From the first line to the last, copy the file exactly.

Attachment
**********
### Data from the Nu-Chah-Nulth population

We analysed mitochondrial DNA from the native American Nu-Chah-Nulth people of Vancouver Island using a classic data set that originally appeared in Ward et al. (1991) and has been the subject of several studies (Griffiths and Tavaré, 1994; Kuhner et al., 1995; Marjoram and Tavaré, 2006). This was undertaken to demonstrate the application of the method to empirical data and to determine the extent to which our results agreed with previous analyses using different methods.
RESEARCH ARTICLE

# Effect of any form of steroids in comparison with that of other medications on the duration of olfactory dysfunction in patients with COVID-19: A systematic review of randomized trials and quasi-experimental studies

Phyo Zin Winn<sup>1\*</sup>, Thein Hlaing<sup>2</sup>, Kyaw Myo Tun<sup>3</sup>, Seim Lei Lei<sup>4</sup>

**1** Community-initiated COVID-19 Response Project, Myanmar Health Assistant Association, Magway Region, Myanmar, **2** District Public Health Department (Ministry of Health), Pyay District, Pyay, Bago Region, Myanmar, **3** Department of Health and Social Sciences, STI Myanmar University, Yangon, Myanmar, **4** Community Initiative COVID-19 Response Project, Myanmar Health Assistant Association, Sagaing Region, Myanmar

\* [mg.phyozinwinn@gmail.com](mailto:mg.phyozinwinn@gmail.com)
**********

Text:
### Data from the Nu-Chah-Nulth population

We analysed mitochondrial DNA from the native American Nu-Chah-Nulth people of Vancouver Island using a classic data set that originally appeared in Ward et al. (1991) and has been the subject of several studies (Griffiths and Tavaré, 1994; Kuhner et al., 1995; Marjoram and Tavaré, 2006). This was undertaken to demonstrate the application of the method to empirical data and to determine the extent to which our results agreed with previous analyses using different methods.
RESEARCH ARTICLE

# Effect of any form of steroids in comparison with that of other medications on the duration of olfactory dysfunction in patients with COVID-19: A systematic review of randomized trials and quasi-experimental studies

Phyo Zin Winn<sup>1\*</sup>, Thein Hlaing<sup>2</sup>, Kyaw Myo Tun<sup>3</sup>, Seim Lei Lei<sup>4</sup>

**1** Community-initiated COVID-19 Response Project, Myanmar Health Assistant Association, Magway Region, Myanmar, **2** District Public Health Department (Ministry of Health), Pyay District, Pyay, Bago Region, Myanmar, **3** Department of Health and Social Sciences, STI Myanmar University, Yangon, Myanmar, **4** Community Initiative COVID-19 Response Project, Myanmar Health Assistant Association, Sagaing Region, Myanmar

\* [mg.phyozinwinn@gmail.com](mailto:mg.phyozinwinn@gmail.com)